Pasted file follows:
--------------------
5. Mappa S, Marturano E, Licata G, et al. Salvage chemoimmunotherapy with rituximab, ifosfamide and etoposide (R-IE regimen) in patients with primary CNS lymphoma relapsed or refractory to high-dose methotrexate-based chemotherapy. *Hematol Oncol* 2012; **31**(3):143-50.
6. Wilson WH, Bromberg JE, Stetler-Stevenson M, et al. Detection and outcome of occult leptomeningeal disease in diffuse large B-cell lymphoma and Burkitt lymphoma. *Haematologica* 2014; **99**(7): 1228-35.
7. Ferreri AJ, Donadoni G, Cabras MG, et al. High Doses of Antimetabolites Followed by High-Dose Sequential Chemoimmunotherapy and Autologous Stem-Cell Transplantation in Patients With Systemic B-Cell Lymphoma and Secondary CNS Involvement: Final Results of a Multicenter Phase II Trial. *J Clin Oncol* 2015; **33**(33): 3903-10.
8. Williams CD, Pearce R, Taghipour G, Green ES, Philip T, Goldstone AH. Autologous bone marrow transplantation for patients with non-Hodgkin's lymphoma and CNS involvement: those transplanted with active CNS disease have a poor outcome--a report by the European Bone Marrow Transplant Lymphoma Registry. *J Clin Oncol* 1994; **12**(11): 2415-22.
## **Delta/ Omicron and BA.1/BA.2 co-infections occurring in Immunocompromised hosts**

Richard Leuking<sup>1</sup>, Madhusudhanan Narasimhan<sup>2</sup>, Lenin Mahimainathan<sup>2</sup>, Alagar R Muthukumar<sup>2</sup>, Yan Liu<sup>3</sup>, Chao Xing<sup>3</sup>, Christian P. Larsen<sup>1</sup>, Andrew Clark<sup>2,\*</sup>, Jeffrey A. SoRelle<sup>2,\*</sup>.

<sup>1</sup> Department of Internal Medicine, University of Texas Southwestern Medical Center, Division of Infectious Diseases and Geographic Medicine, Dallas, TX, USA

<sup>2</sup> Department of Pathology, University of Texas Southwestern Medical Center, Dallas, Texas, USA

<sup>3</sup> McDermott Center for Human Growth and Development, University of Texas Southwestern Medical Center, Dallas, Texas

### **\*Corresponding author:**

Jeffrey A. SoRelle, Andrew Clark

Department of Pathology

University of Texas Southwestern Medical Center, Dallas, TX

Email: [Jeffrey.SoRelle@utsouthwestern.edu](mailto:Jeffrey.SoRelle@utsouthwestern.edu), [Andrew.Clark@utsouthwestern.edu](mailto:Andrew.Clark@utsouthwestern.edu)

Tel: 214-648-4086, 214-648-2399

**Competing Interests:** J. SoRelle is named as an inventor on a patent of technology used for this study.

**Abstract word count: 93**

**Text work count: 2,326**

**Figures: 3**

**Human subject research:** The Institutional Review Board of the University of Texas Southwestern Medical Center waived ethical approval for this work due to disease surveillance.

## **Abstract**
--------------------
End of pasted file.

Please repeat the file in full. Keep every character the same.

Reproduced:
5. Mappa S, Marturano E, Licata G, et al. Salvage chemoimmunotherapy with rituximab, ifosfamide and etoposide (R-IE regimen) in patients with primary CNS lymphoma relapsed or refractory to high-dose methotrexate-based chemotherapy. *Hematol Oncol* 2012; **31**(3):143-50.
6. Wilson WH, Bromberg JE, Stetler-Stevenson M, et al. Detection and outcome of occult leptomeningeal disease in diffuse large B-cell lymphoma and Burkitt lymphoma. *Haematologica* 2014; **99**(7): 1228-35.
7. Ferreri AJ, Donadoni G, Cabras MG, et al. High Doses of Antimetabolites Followed by High-Dose Sequential Chemoimmunotherapy and Autologous Stem-Cell Transplantation in Patients With Systemic B-Cell Lymphoma and Secondary CNS Involvement: Final Results of a Multicenter Phase II Trial. *J Clin Oncol* 2015; **33**(33): 3903-10.
8. Williams CD, Pearce R, Taghipour G, Green ES, Philip T, Goldstone AH. Autologous bone marrow transplantation for patients with non-Hodgkin's lymphoma and CNS involvement: those transplanted with active CNS disease have a poor outcome--a report by the European Bone Marrow Transplant Lymphoma Registry. *J Clin Oncol* 1994; **12**(11): 2415-22.
## **Delta/ Omicron and BA.1/BA.2 co-infections occurring in Immunocompromised hosts**

Richard Leuking<sup>1</sup>, Madhusudhanan Narasimhan<sup>2</sup>, Lenin Mahimainathan<sup>2</sup>, Alagar R Muthukumar<sup>2</sup>, Yan Liu<sup>3</sup>, Chao Xing<sup>3</sup>, Christian P. Larsen<sup>1</sup>, Andrew Clark<sup>2,\*</sup>, Jeffrey A. SoRelle<sup>2,\*</sup>.

<sup>1</sup> Department of Internal Medicine, University of Texas Southwestern Medical Center, Division of Infectious Diseases and Geographic Medicine, Dallas, TX, USA

<sup>2</sup> Department of Pathology, University of Texas Southwestern Medical Center, Dallas, Texas, USA

<sup>3</sup> McDermott Center for Human Growth and Development, University of Texas Southwestern Medical Center, Dallas, Texas

### **\*Corresponding author:**

Jeffrey A. SoRelle, Andrew Clark

Department of Pathology

University of Texas Southwestern Medical Center, Dallas, TX

Email: [Jeffrey.SoRelle@utsouthwestern.edu](mailto:Jeffrey.SoRelle@utsouthwestern.edu), [Andrew.Clark@utsouthwestern.edu](mailto:Andrew.Clark@utsouthwestern.edu)

Tel: 214-648-4086, 214-648-2399

**Competing Interests:** J. SoRelle is named as an inventor on a patent of technology used for this study.

**Abstract word count: 93**

**Text work count: 2,326**

**Figures: 3**

**Human subject research:** The Institutional Review Board of the University of Texas Southwestern Medical Center waived ethical approval for this work due to disease surveillance.

## **Abstract**